9 Excellent Programming Resources for Kinect

Last edited on 12/6/2011.

 

Students, educators, and enthusiasts are creating amazing things with Microsoft’s Kinect for education.  While new Kinect development resources are constantly emerging, here are 9 people-driven and digital resources that offer assistance for developing Kinect applications.

 

 

1.  Channel 9 @ MSDN

Channel 9 has projects, guides, and people to help create future software for classrooms.  Channel 9 describes themselves as a community that brings forward people behind Microsoft’s products and connects them with those who use them.  What makes them great are the plethora of projects available, along with engaging dialogue among community members.

2.  Lou Zulli & Doug Bergman

Together, these gentlemen create a dynamic group personality that would otherwise be nonexistent. The driving forces behind the coding development of “When Fish Fly” were the students in their classes. Using the Kinect SDK, they gained priceless insight throughout the process of development.

Doug, Lou, and I were members of the “When Fish Fly” team that won Microsoft’s 2011 Partners in Learning Global Forum.  Download “When Fish Fly”, try it out, modify the code – just make sure you share with others! :)   Lou had a separate project that also won, which is a testimony to the talent and passion he brings to the table.

3.  “Meet the Kinect” Book

This book is a programming guide for Kinect is set to be released in December of 2011.  From Amazon.com:

“Meet the Kinect introduces the exciting world of volumetric computing using the Microsoft Kinect. You’ll learn to write scripts and software enabling the use of the Kinect as an input device. Interact directly with your computer through physical motion. The Kinect will read and track body movements, and is the bridge between the physical reality in which you exist and the virtual world created by your software.”

4.  Alfred Thompson

Talented, experienced, and passionate.  Alfred Thompson’s passion for education and computer science is contagious.  An excerpt from his blog reveals that Alfred “…is the K-12 Computer Science Academic Relations Manager for Microsoft where he has worked for the last seven years. Prior to Microsoft, Alfred was a high school computer science teacher and school-wide technology coordinator. Before teaching, Alfred was a software developer for 18 years.He has written several textbooks and project books for teaching Visual Basic and C# in high school and middle school. In his current role he is a frequent speaker at conferences and advisor on computer science curriculum.

5.  Pat Yongpradit

He’s as genuine as he is passionate about computer science.  Pat was the 2010 winner of Microsoft’s Partners in Learning Global Forum and is doing amazing work with Kinect and his students.  Pat succeeds as both  a computer science teacher and curriculum consultant.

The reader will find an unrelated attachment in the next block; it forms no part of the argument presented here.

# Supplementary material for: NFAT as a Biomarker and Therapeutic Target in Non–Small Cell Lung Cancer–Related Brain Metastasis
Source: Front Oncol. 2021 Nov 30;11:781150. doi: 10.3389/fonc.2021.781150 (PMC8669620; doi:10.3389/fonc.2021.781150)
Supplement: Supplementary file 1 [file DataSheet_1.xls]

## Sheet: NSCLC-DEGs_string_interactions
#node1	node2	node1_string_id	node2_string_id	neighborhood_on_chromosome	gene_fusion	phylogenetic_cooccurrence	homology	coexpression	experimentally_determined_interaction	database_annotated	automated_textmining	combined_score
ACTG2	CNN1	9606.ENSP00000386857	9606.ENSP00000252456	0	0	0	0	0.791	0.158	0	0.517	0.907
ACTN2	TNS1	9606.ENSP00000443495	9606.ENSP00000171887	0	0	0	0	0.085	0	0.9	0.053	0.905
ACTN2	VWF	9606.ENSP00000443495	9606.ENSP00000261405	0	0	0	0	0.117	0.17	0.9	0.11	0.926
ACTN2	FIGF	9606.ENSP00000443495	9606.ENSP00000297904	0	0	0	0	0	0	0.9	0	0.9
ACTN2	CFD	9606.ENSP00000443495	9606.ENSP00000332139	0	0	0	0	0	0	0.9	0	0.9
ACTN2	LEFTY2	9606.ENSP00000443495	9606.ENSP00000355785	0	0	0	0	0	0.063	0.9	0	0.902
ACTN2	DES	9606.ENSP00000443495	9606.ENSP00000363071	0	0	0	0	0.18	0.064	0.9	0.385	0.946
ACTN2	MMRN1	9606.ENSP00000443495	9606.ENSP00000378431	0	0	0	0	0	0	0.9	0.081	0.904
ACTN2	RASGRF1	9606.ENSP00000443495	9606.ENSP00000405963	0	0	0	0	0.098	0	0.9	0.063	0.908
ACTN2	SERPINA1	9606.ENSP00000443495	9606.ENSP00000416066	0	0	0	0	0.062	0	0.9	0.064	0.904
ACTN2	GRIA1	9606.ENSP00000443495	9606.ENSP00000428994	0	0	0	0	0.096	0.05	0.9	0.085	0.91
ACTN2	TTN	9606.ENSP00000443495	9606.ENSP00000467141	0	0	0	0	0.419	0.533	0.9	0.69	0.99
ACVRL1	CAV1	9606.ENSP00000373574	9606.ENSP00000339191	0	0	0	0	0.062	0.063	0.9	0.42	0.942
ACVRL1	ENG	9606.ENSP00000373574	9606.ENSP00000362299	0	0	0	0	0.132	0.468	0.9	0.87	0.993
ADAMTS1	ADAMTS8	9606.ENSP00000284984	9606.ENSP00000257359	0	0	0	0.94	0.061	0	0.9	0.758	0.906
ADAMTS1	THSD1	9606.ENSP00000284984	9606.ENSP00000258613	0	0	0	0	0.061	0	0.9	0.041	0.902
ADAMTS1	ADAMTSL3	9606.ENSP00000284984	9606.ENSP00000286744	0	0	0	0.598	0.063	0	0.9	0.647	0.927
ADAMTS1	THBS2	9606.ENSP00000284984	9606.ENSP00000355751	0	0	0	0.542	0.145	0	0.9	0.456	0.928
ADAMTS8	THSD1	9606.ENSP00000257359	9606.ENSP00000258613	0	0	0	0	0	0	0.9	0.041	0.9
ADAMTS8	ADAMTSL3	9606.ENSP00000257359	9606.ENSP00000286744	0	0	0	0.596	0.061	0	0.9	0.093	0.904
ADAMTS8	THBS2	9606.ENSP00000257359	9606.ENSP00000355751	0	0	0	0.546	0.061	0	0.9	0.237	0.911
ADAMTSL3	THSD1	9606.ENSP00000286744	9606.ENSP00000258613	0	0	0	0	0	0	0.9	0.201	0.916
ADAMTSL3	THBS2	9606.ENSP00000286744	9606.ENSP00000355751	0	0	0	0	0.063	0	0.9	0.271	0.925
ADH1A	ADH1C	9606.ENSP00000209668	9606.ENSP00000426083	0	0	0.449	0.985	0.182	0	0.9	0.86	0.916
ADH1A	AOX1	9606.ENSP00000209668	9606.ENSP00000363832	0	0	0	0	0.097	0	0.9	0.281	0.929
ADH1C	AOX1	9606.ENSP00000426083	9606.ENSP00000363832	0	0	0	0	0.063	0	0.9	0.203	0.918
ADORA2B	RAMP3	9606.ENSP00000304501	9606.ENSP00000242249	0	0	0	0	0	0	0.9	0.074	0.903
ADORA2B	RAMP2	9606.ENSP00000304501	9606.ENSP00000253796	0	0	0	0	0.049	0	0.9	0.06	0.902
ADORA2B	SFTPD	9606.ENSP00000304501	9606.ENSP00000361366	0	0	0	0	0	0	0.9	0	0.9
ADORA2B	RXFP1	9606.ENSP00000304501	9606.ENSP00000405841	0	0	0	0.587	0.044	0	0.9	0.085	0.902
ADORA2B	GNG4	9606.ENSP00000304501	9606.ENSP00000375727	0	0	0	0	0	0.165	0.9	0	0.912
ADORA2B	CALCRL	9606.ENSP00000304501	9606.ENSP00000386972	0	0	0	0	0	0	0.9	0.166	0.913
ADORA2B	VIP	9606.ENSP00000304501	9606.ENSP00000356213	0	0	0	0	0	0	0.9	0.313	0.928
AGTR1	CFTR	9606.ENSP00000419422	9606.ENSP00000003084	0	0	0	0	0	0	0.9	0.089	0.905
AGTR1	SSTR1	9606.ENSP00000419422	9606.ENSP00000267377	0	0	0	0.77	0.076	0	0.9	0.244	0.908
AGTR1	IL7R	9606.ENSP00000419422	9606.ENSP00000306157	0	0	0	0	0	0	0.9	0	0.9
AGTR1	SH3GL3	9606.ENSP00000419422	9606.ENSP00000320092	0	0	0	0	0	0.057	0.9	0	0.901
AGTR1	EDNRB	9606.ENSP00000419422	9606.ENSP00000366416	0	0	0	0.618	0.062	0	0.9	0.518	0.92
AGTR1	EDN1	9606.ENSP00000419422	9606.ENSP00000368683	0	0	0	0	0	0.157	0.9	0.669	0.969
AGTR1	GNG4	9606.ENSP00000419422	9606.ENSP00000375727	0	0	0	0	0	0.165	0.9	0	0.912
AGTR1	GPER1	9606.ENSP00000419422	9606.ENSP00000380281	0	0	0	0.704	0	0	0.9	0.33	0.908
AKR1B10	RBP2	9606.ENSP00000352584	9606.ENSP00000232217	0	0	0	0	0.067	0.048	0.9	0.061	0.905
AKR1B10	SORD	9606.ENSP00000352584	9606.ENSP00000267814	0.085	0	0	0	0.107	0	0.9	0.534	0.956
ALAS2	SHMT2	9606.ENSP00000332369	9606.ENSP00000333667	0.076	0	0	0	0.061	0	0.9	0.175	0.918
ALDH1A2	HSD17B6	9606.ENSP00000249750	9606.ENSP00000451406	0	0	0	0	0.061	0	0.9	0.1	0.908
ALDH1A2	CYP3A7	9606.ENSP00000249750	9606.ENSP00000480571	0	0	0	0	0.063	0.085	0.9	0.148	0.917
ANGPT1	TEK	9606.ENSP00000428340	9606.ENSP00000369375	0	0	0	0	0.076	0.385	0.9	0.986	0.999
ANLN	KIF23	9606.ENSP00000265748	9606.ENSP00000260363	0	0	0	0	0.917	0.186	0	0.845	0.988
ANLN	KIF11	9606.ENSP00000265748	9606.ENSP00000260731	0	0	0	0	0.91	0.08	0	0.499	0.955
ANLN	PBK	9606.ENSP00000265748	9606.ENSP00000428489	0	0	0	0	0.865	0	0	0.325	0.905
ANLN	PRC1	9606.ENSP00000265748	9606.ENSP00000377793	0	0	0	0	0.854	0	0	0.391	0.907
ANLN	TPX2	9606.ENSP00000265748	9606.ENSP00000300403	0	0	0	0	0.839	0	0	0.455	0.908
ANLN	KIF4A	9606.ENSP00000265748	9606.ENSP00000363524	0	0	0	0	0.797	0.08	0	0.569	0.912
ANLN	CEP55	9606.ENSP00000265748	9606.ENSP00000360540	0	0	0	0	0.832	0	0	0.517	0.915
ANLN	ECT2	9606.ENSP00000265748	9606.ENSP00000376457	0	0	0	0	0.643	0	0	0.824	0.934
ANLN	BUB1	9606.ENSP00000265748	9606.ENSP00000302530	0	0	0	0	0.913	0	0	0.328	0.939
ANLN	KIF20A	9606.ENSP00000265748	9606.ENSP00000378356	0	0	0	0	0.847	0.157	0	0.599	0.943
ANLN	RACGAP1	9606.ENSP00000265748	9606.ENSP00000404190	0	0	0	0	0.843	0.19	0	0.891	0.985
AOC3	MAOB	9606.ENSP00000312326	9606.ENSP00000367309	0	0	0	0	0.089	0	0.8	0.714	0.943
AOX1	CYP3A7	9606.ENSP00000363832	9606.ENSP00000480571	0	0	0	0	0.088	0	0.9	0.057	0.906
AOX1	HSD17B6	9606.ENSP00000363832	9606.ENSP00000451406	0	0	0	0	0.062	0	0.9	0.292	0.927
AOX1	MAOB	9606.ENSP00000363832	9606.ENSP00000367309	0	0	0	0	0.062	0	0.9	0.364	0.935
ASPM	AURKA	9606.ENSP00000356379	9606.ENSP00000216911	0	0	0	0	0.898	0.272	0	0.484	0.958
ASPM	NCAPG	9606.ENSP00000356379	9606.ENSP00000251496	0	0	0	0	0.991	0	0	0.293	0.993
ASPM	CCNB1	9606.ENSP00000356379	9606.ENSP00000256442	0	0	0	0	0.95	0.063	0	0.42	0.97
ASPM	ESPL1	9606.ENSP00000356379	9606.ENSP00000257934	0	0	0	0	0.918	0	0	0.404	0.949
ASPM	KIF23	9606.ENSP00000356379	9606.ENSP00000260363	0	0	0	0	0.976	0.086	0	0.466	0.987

6.  Stephen Howell: “Scratch and Kinect Guy”

Stephen Howell teaches others how to integrate Scratch with Kinect. A quick look at Stephen’s About Me page reveals that “He presented research based on Scratch at the first Scratch conference in MIT, and has written and presented several other papers and workshops on Scratch, Kinect, games design & teaching software development. When he is not lecturing, he consults with industry on how to build the next generation of natural user interfaces for marketing, content production and elearning systems.”

7.  KinectEDucation’s Kinect Apps for Education

Most of the apps uploaded here include both the executable files and source code to modify.  Can you imagine how we can transform classrooms with a repository of Kinect software for classrooms?  This is unchartered territory and we’re all learning a lot about what to expect next, but we must start somewhere.

8.  Ray Chambers

Personable, passionate, and also an exceptional programmer. Ray has developed a beginner’s guide to SDK development and also hosts his developments on his site, which helps introduce basic Kinect development to beginners.

9.  FAAST

I love FAAST because it’s easy for most anyone to use. The developers of FAAST will also soon be providing an SDK-version of their software, along with (I assume) object-oriented development.  In my opinion, this will be a critical development towards creating that 21st century classroom model of actively engaged students we’ve been fighting for.  I envision that classroom model to be more mainstream over the next few years.  Admittedly, it’s quite challenging right now because there are different parameters I didn’t consider, such as funding and the fact that in my math classroom, I cannot afford the time to “tinker” because of the reality of high-stakes testing.

Kodu with an object-oriented version of FAAST would be amazing.  Perhaps upcoming versions of Kodu will have the ability to map gestures?  Speculative, but I’m hoping.  Meanwhile, here is the current Teacher’s Guide for Kinect Development using FAAST.

What other resources are you aware of? Feel free to contact me or post it on KinectEDucation’s Facebook page

Johnny Kissko | KinectEDucation
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